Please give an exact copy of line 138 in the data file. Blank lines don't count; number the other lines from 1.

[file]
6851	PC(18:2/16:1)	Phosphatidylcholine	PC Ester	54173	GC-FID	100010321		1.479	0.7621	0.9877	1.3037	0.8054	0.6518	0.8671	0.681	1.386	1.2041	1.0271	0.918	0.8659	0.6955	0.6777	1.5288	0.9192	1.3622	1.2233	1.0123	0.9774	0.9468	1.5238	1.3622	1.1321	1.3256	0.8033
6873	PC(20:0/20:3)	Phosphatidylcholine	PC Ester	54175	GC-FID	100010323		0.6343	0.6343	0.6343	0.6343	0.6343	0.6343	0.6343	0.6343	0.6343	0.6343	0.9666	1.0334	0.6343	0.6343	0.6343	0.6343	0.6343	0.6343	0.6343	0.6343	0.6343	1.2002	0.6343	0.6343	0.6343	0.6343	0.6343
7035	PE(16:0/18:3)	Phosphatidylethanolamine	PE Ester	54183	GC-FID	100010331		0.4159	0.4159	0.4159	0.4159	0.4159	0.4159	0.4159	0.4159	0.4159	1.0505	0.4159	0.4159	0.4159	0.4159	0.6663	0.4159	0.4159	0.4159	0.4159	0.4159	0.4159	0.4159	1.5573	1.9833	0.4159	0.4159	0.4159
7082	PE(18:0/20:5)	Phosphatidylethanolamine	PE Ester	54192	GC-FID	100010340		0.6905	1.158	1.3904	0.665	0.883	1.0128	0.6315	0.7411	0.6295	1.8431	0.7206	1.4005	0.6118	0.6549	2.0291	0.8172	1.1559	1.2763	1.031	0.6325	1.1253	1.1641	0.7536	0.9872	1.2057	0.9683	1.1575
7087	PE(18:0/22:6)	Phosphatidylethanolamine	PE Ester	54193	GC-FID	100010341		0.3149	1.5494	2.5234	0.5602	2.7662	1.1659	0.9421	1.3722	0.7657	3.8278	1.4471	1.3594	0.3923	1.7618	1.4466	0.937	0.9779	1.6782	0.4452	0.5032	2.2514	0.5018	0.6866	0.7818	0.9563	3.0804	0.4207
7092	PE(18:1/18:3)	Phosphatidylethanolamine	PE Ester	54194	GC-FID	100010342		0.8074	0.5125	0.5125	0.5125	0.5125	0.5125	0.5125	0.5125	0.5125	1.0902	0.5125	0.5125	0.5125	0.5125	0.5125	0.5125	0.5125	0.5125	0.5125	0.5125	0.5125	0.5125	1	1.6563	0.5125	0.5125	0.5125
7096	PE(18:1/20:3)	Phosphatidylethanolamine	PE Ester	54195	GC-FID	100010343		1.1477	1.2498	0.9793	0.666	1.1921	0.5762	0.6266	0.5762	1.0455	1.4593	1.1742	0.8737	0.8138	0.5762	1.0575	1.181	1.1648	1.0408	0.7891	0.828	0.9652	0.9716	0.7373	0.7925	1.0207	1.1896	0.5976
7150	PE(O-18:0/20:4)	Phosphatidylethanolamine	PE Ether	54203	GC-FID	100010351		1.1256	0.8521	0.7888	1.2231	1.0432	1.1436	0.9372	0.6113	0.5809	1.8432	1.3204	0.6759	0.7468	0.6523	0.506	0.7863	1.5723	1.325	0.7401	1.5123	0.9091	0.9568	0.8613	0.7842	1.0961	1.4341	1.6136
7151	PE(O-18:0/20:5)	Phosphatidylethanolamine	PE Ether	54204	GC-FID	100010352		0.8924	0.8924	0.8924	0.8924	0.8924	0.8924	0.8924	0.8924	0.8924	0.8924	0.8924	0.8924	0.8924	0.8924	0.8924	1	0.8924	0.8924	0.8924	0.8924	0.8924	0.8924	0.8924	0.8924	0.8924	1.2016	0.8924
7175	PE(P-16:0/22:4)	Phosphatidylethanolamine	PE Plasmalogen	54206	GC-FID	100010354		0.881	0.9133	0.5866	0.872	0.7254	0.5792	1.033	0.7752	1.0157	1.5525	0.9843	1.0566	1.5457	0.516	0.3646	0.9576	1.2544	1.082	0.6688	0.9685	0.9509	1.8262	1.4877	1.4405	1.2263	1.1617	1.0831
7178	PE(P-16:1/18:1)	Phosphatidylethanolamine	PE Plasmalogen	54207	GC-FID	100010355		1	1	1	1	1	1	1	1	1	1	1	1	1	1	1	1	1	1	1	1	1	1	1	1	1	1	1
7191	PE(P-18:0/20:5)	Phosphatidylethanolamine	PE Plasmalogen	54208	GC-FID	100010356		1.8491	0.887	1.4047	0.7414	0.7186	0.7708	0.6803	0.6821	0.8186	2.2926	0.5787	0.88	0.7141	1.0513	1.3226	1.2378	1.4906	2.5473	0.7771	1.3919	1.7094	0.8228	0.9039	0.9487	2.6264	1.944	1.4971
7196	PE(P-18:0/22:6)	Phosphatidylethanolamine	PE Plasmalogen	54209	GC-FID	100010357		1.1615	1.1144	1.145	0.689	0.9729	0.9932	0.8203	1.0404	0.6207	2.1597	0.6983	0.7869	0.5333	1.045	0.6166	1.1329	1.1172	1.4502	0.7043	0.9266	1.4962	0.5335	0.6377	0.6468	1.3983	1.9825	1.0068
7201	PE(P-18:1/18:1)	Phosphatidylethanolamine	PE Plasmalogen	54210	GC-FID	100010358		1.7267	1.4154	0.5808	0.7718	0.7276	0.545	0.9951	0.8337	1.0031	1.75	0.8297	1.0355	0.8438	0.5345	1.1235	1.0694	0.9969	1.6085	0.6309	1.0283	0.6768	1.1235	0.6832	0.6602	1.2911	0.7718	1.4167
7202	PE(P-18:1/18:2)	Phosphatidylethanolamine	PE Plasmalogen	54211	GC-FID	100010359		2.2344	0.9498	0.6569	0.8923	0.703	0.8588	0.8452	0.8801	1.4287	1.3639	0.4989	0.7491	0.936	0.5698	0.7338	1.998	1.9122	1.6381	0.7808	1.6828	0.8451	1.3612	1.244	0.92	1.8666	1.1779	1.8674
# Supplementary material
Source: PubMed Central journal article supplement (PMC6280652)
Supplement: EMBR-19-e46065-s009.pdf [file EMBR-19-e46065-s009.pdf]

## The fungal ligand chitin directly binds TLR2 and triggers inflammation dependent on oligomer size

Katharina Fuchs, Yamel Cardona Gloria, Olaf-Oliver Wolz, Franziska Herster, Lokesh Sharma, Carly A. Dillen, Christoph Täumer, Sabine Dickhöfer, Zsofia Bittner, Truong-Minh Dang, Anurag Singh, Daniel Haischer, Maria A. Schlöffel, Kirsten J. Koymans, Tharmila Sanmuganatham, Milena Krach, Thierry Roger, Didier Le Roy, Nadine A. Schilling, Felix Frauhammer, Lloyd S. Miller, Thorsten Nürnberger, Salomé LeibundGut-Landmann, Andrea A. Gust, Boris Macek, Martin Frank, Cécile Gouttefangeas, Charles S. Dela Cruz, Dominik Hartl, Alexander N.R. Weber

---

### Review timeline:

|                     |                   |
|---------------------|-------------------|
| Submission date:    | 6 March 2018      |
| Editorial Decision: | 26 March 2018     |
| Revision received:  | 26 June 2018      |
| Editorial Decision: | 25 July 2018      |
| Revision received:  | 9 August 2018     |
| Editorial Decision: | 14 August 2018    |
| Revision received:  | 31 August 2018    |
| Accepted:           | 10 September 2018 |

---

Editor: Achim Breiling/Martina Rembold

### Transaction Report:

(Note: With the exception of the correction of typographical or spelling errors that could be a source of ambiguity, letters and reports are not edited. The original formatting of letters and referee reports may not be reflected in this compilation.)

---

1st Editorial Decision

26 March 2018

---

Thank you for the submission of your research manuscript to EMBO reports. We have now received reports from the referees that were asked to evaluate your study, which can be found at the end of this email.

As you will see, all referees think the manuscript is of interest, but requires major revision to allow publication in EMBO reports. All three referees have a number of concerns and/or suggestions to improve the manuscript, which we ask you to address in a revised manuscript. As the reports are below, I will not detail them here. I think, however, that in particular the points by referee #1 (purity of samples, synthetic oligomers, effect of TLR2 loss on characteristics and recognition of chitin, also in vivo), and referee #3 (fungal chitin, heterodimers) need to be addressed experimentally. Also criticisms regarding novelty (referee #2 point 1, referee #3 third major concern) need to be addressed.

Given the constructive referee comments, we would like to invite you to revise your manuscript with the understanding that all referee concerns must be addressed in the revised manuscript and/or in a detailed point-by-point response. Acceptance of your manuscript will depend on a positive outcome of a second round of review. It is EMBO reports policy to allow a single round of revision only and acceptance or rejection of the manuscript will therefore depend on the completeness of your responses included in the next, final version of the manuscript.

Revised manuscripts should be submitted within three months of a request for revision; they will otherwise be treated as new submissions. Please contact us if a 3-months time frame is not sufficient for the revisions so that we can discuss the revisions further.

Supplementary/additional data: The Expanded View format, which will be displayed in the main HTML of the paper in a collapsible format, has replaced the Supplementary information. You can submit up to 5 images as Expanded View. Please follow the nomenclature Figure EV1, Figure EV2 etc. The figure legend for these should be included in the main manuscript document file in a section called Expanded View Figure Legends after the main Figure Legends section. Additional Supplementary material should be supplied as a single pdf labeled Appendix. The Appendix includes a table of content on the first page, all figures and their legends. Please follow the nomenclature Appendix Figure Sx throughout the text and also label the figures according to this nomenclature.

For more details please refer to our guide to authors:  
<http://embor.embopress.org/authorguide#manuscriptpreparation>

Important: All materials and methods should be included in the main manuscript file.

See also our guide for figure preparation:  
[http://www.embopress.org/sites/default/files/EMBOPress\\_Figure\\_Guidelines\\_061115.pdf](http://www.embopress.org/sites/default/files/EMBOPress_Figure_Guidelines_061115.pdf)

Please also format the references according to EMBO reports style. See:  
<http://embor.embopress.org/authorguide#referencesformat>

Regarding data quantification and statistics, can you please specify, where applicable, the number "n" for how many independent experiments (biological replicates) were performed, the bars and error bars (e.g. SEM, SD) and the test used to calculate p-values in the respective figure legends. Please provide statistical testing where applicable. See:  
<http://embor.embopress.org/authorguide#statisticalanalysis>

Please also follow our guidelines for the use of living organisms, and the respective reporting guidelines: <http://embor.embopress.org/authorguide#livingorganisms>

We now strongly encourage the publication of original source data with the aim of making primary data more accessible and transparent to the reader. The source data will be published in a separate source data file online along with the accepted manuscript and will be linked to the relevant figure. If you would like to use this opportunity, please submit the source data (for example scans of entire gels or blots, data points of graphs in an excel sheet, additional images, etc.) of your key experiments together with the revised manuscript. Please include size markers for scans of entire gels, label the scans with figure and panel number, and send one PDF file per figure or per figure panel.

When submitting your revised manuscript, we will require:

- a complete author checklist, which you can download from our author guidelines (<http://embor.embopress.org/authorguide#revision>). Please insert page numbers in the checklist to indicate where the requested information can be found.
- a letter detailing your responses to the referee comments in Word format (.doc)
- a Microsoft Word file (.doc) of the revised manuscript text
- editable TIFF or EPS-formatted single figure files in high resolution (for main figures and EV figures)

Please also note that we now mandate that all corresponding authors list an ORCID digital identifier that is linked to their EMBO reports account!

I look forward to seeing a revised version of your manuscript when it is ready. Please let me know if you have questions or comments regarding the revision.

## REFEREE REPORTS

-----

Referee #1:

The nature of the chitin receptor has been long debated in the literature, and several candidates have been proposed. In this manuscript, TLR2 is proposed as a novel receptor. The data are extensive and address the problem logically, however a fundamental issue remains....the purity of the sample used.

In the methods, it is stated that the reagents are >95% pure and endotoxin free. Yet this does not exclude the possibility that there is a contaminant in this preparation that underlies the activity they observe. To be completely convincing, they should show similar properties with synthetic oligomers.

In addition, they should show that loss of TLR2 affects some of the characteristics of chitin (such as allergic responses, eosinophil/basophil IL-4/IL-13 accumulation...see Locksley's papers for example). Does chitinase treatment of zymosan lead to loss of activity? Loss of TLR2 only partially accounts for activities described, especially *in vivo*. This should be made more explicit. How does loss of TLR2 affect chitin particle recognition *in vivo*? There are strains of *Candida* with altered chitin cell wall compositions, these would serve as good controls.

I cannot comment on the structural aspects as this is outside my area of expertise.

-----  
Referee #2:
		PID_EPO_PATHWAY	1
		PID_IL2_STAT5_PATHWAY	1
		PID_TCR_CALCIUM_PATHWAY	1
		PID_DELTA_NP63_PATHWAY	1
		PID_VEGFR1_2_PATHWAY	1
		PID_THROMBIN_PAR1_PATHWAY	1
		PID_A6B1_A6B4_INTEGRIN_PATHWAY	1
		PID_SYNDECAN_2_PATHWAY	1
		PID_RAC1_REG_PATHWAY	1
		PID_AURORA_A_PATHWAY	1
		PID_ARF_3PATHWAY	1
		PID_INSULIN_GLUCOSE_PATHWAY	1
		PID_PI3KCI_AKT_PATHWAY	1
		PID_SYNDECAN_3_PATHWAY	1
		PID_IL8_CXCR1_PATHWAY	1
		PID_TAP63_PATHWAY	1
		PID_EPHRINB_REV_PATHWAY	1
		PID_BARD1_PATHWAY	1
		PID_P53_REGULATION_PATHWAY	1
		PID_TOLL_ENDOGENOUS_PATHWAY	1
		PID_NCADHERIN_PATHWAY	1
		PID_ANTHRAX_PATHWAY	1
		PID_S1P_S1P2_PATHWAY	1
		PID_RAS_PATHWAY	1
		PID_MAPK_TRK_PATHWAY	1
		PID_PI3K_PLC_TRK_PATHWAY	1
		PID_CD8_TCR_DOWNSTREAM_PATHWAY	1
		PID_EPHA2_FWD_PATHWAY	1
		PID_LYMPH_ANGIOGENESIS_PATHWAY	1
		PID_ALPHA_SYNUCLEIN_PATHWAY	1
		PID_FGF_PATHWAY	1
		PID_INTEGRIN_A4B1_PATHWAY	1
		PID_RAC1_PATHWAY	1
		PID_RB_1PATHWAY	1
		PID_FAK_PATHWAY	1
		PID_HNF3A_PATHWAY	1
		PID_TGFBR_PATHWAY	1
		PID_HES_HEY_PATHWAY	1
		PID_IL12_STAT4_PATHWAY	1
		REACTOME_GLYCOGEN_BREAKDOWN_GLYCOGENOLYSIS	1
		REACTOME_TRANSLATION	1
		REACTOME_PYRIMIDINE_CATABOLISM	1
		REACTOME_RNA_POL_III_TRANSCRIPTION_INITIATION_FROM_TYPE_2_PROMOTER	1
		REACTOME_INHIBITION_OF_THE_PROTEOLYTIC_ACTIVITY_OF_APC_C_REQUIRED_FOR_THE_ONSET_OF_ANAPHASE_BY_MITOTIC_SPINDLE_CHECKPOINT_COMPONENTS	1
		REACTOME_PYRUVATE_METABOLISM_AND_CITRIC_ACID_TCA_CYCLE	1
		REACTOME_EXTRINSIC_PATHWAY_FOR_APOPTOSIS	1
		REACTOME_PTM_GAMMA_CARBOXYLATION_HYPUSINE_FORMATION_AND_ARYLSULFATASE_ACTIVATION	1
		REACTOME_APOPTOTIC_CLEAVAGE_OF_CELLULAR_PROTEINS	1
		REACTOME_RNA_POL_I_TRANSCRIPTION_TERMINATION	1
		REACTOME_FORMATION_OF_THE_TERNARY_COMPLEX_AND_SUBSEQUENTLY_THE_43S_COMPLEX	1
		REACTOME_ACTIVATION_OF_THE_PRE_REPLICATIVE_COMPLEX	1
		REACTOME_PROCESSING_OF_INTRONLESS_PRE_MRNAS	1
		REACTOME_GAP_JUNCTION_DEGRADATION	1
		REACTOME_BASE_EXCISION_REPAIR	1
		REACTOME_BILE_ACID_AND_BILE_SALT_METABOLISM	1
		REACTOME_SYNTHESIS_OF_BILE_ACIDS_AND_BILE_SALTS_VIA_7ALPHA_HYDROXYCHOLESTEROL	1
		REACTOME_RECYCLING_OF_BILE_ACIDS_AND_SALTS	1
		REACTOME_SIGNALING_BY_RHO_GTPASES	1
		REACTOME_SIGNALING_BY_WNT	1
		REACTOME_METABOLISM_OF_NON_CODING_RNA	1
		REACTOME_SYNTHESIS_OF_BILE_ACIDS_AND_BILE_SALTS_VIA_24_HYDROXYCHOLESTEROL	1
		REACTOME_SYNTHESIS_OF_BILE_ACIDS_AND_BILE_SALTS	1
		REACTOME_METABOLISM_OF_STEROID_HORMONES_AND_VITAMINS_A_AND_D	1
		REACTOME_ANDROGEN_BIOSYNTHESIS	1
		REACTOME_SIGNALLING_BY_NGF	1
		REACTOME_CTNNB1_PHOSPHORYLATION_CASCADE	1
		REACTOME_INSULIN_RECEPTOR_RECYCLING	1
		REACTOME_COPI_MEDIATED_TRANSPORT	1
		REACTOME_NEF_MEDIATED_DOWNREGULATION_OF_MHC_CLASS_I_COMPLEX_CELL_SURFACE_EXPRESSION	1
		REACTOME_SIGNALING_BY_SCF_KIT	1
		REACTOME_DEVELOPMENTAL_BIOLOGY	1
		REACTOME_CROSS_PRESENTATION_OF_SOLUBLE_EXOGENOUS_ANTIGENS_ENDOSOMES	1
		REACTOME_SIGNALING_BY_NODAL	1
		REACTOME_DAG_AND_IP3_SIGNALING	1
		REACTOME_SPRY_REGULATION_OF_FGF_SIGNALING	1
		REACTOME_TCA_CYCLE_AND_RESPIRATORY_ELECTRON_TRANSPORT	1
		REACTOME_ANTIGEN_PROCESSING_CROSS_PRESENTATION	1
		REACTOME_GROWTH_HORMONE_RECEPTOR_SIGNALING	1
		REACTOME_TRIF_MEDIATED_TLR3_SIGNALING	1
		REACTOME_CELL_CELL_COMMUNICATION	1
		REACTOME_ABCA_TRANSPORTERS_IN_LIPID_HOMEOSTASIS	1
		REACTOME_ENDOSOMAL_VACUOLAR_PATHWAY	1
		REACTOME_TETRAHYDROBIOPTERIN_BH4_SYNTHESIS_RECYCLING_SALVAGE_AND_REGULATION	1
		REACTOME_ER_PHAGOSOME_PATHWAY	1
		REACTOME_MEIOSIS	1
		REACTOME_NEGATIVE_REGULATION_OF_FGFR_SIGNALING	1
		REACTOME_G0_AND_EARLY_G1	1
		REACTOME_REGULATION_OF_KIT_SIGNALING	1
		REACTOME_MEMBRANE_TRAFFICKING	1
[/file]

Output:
		REACTOME_CTNNB1_PHOSPHORYLATION_CASCADE	1